The Author

Julien Hoez

Julien Hoez is the interim Managing Director of Vocal Europe.


Theresa May had hoped that 11 December 2018 would become a historic day, where her parliament would vote to pass the Withdrawal Agreement, signalling the end of Britain’s participation within the European Union, and cementing her as the Prime Minister who had won the hard-fought battle for the freedom for the British people.

The hard reality, however, is that she has instead fallen short, and that this vote has instead compounded the damage of a disastrous week in which the first-ever government in the nation’s history has been found to be in Contempt of Parliament.

The Withdrawal Agreement vote had a low-chance of success regardless, due to the estimated 423 MPs opposing her deal out of the 650 that sit in the House of Commons, however, it does nothing to alleviate the embattled Prime Minister.

Now, despite the respite many expected, the various factions occupying the political space are now set to pull Britain in every direction, when the country already has very little space to manoeuver.

Political retreat

We can break the key factions that forced the defeat down into a number of groupings based on their public behaviour, and are important in understanding the dangers now facing the country.

On one hand, you have the Hard-Brexiteers led by Jacob-Rees Mogg, who want a no-deal Brexit at all cost, and the negotiated no-deal Brexit faction which includes ex-cabinet Minister Dominic Raab, who believe that it is possible to negotiate a no-deal Brexit to reduce the damage inflicted on the country.

Between these two factions, there is an alarming number of MPs who seem to want this deal to fail regardless and are impossible to please. This can no longer be put down to a lack of knowledge or a lack of information on how Brexit will affect the country; they are simply a group that, despite the best efforts of many, cannot be reasoned with.

While fragmented and spread across multiple groups, Another major faction in parliament is comprised of those who believe that a renegotiated deal is possible. With groups led by MPs such as Jeremy Corbyn, Boris Johnson and Stephen Kinnock, they have almost unilaterally ignored statements that the EU is not willing to renegotiate and have instead opted to use this claim to undermine Theresa May.

Jeremy Corbyn’s group claim that they would be able to negotiate a “new, comprehensive customs union” with the EU, keeping the Irish border open and allowing Britain to have a say in all future European trade deals despite having third-country status. It is also pursuing a ‘jobs-first Brexit’ which would protect the ordinary workers. Unfortunately, this is also one of the unlikely scenarios requiring that the EU divides its indivisible single market.

The other group, led by Boris Johnson and David Davis believe that a ‘Super Canada’ deal would be the best possible deal for Britain, which would allow the UK to opt-in to specific elements of the ‘European Internal Market’ without any of the regulatory commitments. However, as well as being entirely unpalatable to the European Union, these supporters are a minority within Parliament.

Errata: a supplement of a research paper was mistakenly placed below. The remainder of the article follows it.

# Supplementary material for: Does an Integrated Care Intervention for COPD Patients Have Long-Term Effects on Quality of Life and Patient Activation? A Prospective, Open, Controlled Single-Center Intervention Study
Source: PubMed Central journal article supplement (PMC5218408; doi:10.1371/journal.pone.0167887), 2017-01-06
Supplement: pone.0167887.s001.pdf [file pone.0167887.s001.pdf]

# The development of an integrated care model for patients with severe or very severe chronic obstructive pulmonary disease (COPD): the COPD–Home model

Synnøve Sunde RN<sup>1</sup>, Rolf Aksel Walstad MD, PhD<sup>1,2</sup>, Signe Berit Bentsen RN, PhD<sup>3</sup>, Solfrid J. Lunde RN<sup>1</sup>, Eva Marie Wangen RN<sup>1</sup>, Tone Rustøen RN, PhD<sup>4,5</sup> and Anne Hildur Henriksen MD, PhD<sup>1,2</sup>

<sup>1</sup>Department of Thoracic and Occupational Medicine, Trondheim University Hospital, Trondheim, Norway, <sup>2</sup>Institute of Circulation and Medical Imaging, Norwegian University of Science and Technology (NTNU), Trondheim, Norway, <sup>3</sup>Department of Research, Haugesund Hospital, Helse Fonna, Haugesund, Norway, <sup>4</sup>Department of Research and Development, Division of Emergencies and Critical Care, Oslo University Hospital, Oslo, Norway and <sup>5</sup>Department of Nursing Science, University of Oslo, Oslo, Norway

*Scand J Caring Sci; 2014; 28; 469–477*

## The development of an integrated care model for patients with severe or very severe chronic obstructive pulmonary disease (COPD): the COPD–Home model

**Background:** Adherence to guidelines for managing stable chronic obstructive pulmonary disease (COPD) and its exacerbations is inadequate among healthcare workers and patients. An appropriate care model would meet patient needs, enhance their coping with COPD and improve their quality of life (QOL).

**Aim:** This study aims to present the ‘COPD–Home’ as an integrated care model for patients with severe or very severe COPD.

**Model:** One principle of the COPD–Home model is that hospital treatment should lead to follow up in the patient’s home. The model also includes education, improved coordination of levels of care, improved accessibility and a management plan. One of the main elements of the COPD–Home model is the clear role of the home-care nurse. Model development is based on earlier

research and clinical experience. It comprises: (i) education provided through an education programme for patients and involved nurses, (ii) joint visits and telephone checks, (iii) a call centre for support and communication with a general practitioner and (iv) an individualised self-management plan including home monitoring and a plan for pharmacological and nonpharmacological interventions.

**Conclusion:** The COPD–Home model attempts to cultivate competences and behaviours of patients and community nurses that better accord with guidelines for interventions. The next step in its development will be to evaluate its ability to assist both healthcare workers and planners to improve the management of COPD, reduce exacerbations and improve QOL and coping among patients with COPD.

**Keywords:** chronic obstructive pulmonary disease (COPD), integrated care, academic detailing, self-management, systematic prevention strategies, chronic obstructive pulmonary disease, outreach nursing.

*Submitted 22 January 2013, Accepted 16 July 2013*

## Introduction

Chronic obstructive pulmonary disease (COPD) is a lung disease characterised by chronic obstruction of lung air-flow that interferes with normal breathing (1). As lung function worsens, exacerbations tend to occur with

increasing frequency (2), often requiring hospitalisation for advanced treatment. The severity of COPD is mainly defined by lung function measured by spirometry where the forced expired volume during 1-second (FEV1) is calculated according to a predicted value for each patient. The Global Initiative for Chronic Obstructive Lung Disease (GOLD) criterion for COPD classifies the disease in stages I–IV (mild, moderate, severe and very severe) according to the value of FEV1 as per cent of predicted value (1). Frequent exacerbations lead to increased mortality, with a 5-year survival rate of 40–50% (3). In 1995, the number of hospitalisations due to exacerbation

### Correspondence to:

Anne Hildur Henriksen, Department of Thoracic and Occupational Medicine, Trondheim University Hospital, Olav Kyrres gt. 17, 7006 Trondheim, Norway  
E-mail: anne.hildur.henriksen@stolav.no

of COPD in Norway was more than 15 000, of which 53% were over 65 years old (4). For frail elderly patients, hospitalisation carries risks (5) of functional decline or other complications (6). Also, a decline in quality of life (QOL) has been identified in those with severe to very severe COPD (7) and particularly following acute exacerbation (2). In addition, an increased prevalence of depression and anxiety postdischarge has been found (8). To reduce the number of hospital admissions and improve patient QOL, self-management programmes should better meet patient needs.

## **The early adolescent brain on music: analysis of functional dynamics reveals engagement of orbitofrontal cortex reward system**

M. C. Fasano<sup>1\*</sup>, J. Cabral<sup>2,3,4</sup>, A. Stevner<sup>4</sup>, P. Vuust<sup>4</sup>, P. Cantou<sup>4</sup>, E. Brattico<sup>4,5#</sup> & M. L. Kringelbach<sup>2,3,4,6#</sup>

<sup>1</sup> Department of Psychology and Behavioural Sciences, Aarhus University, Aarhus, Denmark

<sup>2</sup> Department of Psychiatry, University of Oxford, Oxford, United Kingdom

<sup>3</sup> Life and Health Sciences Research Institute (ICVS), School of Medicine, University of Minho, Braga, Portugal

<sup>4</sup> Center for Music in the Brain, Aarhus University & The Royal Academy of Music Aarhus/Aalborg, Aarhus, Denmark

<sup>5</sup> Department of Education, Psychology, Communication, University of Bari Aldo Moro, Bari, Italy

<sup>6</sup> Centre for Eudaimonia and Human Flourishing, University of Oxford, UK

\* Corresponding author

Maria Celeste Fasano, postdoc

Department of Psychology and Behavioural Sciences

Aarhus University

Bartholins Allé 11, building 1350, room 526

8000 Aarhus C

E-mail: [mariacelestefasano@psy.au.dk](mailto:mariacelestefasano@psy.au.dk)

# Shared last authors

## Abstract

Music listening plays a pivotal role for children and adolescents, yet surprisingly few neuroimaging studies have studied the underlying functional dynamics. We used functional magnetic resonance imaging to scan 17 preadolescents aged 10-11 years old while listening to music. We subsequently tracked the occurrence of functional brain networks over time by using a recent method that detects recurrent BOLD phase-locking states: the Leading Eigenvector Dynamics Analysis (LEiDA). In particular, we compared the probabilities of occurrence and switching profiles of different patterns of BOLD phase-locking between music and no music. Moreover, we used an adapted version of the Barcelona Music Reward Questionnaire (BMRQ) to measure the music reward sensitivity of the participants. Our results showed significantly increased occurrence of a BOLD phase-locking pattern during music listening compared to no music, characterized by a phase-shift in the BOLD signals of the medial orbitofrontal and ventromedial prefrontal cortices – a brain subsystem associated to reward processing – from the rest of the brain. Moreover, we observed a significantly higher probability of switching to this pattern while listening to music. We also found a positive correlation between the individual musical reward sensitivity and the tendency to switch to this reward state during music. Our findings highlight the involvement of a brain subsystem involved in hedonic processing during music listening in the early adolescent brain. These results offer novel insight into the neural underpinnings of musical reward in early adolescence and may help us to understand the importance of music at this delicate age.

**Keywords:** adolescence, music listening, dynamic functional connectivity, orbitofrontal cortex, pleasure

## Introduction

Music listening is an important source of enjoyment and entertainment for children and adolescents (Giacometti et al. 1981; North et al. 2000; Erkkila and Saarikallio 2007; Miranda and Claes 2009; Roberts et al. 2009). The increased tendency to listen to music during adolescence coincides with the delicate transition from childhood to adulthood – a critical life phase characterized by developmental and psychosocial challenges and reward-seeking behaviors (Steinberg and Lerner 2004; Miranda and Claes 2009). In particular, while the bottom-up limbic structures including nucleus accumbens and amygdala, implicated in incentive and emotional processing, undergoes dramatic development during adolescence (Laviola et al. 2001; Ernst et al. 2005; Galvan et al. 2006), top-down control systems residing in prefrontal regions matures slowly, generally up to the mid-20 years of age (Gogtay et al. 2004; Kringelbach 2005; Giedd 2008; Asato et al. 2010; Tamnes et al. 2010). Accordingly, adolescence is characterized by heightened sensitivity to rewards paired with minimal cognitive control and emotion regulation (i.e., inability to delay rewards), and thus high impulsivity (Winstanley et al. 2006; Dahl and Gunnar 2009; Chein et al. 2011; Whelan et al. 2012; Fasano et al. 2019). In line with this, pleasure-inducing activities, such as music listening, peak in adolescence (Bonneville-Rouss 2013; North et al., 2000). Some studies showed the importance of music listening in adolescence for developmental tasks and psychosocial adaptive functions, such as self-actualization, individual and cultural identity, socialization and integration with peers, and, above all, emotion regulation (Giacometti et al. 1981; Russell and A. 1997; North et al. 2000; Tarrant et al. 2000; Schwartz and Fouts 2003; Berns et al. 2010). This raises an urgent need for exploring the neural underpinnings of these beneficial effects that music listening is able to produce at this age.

The final group within this faction are those pushing for ‘Norway Plus’, also known as membership of the European Free Trade Area (EFTA). This includes MPs such as Stephen Kinnock (Labour) and Nick Boles (Conservatives), this is considered to be the least destructive of the Brexit deals, been also being coined as the “Soft Brexit” option.

Political posturing

The sheer amount number of political incoherencies within the British political arena is alarming, with statements and information being presented by the European Union’s negotiators, experts and politicians being drowned out or ignored in favour of sound-bites and political posturing within the domestic political arena.

The need to look strong domestically has led to an almost forced ignorance of the balance of power between the British state and the European Union, with the constant calls for European concessions leading to Michel Barnier stating that Britain needed to “face the reality” of its political position, and other EU officials decrying Britain’s “fantasy” negotiating strategy.

We have had EU official after EU official clearly saying that this is the only deal that Britain will be offered, aside from possible small changes like rewording segments to make them more palpable on the domestic level. Aside from the current Withdrawal Agreement, the only options on the table are either “No deal or no Brexit at all”. However, Romano Prodi, former European Commission President, recently intervened and claimed that the European Union would renegotiate with Theresa May in the event that the deal was voted down.

Unfortunately, however, the problem with taking this statement at face value as many within Britain have, is that regardless of whose ear he may have due to his prior position, he is not involved in the decision-making process or the negotiations. And with Martin Selmayr, the so-called “Monster of Brussels”, aiming to take over the Brexit negotiations, the British may want to reconsider whether they even want this to happen.